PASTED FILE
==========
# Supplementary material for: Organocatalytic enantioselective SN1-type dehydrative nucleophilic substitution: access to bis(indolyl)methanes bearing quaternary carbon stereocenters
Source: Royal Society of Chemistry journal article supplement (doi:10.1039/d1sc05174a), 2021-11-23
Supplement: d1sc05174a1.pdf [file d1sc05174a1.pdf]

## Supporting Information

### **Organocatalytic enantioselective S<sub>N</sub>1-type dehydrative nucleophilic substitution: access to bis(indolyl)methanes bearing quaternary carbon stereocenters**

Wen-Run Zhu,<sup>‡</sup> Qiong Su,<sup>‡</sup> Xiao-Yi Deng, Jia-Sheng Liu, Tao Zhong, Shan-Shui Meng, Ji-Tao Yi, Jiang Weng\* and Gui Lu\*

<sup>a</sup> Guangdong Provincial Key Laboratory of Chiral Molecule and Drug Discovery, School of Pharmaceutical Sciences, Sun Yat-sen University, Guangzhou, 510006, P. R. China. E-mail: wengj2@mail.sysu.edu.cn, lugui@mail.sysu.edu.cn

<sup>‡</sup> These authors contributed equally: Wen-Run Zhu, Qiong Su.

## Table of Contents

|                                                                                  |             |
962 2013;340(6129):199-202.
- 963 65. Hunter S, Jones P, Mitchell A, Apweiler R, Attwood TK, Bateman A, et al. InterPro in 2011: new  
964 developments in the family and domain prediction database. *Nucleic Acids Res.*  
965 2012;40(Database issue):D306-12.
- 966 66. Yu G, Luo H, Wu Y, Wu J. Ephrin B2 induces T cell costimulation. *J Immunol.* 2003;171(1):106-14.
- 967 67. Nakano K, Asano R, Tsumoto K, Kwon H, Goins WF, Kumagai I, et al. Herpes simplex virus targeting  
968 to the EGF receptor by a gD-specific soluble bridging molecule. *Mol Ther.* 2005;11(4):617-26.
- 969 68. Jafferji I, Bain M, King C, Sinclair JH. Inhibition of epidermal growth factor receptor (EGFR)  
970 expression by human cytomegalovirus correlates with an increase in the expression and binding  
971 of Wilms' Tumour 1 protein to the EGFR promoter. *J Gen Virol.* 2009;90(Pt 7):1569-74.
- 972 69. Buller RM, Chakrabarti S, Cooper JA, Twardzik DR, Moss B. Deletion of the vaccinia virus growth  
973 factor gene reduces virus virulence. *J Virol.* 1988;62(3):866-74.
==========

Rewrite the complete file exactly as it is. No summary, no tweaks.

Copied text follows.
# Supplementary material for: Organocatalytic enantioselective SN1-type dehydrative nucleophilic substitution: access to bis(indolyl)methanes bearing quaternary carbon stereocenters
Source: Royal Society of Chemistry journal article supplement (doi:10.1039/d1sc05174a), 2021-11-23
Supplement: d1sc05174a1.pdf [file d1sc05174a1.pdf]

## Supporting Information

### **Organocatalytic enantioselective S<sub>N</sub>1-type dehydrative nucleophilic substitution: access to bis(indolyl)methanes bearing quaternary carbon stereocenters**

Wen-Run Zhu,<sup>‡</sup> Qiong Su,<sup>‡</sup> Xiao-Yi Deng, Jia-Sheng Liu, Tao Zhong, Shan-Shui Meng, Ji-Tao Yi, Jiang Weng\* and Gui Lu\*

<sup>a</sup> Guangdong Provincial Key Laboratory of Chiral Molecule and Drug Discovery, School of Pharmaceutical Sciences, Sun Yat-sen University, Guangzhou, 510006, P. R. China. E-mail: wengj2@mail.sysu.edu.cn, lugui@mail.sysu.edu.cn

<sup>‡</sup> These authors contributed equally: Wen-Run Zhu, Qiong Su.

## Table of Contents

|                                                                                  |             |
962 2013;340(6129):199-202.
- 963 65. Hunter S, Jones P, Mitchell A, Apweiler R, Attwood TK, Bateman A, et al. InterPro in 2011: new  
964 developments in the family and domain prediction database. *Nucleic Acids Res.*  
965 2012;40(Database issue):D306-12.
- 966 66. Yu G, Luo H, Wu Y, Wu J. Ephrin B2 induces T cell costimulation. *J Immunol.* 2003;171(1):106-14.
- 967 67. Nakano K, Asano R, Tsumoto K, Kwon H, Goins WF, Kumagai I, et al. Herpes simplex virus targeting  
968 to the EGF receptor by a gD-specific soluble bridging molecule. *Mol Ther.* 2005;11(4):617-26.
- 969 68. Jafferji I, Bain M, King C, Sinclair JH. Inhibition of epidermal growth factor receptor (EGFR)  
970 expression by human cytomegalovirus correlates with an increase in the expression and binding  
971 of Wilms' Tumour 1 protein to the EGFR promoter. *J Gen Virol.* 2009;90(Pt 7):1569-74.
- 972 69. Buller RM, Chakrabarti S, Cooper JA, Twardzik DR, Moss B. Deletion of the vaccinia virus growth  
973 factor gene reduces virus virulence. *J Virol.* 1988;62(3):866-74.